One challenge for the interviewer (in or outside the family) is to stay out of the story, she said. If your relative embellishes a tale or remembers something differently than you – or their siblings – do, remember that it’s his or her story. “She’s entitled to her version of the truth.”

One reason to record family stories is that once captured, they can’t be embellished beyond recognition, like in a game of “Telephone,” she said.

Still, the underlying goal is to get not only the tale but the voice of the storyteller, meaning his or her vocal presence as well as the information and point of view.

Twyford offered up a few technical tips. For example, if the story is full of vague references, ask the speaker to be more specific by including a date, street address, full name or some element that adds details for those less familiar with the story or the people in it.

Better access to genealogy records has helped increase interest in capturing family stories, she said. While the former gets the facts, the latter gets the recollections and thoughtful reflections.

Twyford’s advice? “The most important thing is to just do it,” she said. “You don’t have to do the entire family history…Find that one story and tell that story.”

Then find another. You might end up with snippets, she said, but snippets and archival materials, such as photos and videos and scrapbook fodder, might be suitable for a more curated professional documentary in the future.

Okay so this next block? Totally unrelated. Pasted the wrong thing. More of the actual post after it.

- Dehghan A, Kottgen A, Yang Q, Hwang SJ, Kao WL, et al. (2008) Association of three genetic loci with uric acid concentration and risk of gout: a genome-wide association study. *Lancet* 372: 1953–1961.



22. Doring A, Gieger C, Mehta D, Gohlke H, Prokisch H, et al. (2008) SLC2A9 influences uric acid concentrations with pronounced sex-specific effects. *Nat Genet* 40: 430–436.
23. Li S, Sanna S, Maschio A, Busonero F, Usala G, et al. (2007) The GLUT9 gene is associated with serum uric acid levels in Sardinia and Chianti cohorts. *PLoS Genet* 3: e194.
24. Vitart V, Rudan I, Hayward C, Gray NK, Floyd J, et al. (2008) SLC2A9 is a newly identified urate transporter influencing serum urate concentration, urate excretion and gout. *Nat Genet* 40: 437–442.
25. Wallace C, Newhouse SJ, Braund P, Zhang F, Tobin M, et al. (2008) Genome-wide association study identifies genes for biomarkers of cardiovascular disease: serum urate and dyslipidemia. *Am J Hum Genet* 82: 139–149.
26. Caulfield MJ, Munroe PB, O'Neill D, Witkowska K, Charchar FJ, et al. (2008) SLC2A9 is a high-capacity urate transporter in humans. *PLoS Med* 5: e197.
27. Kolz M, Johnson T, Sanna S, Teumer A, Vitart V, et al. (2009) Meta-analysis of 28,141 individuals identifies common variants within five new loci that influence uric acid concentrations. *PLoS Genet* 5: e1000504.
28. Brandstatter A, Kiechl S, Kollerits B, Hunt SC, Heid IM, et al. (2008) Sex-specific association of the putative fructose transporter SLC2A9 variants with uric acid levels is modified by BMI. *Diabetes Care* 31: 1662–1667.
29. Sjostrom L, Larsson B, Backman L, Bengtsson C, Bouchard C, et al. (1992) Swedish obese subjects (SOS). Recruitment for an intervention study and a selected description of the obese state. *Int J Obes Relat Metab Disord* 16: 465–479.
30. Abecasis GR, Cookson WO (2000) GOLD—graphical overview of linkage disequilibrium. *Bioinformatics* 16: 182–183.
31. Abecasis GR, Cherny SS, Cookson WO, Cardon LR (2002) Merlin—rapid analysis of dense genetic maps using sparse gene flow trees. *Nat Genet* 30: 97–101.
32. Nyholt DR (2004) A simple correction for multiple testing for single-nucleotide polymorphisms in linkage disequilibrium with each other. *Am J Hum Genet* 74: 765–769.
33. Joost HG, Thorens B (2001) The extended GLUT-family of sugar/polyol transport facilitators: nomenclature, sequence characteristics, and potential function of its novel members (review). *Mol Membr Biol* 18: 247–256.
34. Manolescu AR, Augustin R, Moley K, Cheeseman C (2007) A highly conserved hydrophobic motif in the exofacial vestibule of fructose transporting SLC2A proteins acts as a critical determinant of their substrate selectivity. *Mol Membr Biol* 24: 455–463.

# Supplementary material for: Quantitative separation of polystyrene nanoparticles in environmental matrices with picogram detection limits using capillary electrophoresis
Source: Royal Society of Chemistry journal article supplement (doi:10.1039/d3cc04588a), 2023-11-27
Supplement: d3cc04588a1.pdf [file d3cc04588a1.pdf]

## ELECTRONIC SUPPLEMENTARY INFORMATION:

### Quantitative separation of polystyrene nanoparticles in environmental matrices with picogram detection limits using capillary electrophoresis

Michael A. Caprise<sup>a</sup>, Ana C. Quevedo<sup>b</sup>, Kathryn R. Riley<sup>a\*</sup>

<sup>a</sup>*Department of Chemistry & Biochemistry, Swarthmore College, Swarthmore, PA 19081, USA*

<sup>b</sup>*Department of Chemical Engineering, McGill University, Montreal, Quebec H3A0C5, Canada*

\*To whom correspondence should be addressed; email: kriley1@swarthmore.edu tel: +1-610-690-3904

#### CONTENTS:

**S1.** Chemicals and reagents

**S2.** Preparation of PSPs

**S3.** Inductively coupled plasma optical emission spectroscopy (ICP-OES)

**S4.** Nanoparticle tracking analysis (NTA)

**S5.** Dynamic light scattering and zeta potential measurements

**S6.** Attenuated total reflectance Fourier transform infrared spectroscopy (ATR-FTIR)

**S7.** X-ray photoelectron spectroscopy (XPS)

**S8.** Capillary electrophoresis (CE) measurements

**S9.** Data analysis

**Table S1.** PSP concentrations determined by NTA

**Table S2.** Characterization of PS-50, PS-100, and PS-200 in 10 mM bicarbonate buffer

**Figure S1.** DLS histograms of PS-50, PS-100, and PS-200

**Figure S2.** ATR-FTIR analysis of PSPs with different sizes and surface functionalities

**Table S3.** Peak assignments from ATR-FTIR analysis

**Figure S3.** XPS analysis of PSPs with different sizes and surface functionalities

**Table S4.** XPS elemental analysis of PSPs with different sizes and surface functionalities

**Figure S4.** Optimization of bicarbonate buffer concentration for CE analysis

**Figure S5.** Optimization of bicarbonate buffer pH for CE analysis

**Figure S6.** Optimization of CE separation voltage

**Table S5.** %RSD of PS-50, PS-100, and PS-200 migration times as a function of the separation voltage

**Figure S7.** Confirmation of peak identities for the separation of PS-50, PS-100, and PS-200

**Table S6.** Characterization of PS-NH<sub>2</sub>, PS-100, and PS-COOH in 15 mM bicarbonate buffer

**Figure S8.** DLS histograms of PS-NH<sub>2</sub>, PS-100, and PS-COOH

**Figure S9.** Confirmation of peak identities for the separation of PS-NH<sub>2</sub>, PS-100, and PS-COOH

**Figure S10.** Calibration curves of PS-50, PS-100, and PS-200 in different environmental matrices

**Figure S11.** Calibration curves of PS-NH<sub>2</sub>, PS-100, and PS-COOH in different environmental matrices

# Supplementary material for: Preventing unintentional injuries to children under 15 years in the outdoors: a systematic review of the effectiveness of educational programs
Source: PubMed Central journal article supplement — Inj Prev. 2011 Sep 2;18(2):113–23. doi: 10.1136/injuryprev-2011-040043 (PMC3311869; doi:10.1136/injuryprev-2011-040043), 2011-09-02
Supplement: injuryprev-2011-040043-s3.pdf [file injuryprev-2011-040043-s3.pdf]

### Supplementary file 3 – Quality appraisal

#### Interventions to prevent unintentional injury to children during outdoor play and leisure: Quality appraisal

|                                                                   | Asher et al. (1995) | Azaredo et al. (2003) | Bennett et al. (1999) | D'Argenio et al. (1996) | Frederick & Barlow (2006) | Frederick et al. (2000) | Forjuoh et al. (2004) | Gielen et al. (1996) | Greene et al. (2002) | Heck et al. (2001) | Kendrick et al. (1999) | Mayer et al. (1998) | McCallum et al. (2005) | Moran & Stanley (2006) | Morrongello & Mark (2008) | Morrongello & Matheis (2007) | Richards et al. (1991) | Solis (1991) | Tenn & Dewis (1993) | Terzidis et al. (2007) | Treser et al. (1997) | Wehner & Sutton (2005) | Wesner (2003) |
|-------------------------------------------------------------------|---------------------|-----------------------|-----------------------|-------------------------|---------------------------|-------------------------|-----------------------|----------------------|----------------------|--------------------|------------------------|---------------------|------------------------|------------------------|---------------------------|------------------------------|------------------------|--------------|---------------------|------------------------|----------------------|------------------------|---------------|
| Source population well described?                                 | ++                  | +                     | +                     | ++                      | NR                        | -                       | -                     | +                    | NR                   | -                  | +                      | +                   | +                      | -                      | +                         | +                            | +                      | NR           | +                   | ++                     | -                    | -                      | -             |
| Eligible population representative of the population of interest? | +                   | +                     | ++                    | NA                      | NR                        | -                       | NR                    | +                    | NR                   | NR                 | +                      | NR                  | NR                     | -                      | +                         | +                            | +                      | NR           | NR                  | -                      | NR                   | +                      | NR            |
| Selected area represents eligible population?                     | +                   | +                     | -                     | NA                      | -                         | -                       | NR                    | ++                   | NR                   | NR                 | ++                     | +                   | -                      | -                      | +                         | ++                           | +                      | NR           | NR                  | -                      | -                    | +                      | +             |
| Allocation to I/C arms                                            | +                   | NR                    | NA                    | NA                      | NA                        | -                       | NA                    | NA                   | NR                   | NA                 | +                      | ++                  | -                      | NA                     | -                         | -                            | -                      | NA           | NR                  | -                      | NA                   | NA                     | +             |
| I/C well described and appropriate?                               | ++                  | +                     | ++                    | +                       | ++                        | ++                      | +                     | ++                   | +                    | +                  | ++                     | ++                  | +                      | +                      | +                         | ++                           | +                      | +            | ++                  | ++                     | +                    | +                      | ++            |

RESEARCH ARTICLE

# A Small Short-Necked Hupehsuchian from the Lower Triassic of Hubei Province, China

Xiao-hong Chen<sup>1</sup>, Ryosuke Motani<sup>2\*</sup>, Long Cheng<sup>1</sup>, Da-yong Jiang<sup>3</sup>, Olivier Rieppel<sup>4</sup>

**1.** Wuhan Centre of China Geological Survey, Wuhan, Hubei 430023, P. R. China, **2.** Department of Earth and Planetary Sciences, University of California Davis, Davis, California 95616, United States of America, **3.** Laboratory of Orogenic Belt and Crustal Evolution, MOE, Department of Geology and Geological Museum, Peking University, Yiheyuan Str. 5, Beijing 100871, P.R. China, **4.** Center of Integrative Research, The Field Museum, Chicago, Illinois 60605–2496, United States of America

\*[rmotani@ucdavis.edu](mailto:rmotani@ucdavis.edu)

Or hire a professional to produce the personal history. “It’ll have a storyline and inform, educate and entertain,” she said in an e-mail follow-up. Professional pieces will typically have better audio, better lighting and better graphics and editing.

Crossing over into communities
Sometimes, a family story might resonate beyond the family, said local history author and video producer Mike Vance, founder of non-profit Houston Arts and Media (
HAM’s Neighbor to Neighbor oral history project has been creating a story-based database for researching Houston history community by community. Vance’s suggestions for effective info-gleaning apply whether the stories sought are for personal use or more public use.

For a more lively, spontaneous interview, don’t leak the questions beforehand, he said in an e-mail response. “They might tend to mentally edit their responses. ‘Off the cuff’ is almost always more animated and real.”

While written accounts allow editing and updating, people writing them sometimes tire of it and will cut answers shorter than if they are conversing, he said.

A fan – and provider — of recorded accounts, Vance said the medium delivers “a much truer picture of who a person is, something that is invaluable for family members.”

Sometimes, it’s even possible to hear the years melt away in the storyteller’s voice as he or she recollects days gone by, he said.

Vance has found that “most folks are between thrilled and honored” that someone wants to hear their stories. “It can be therapeutic for both parties.”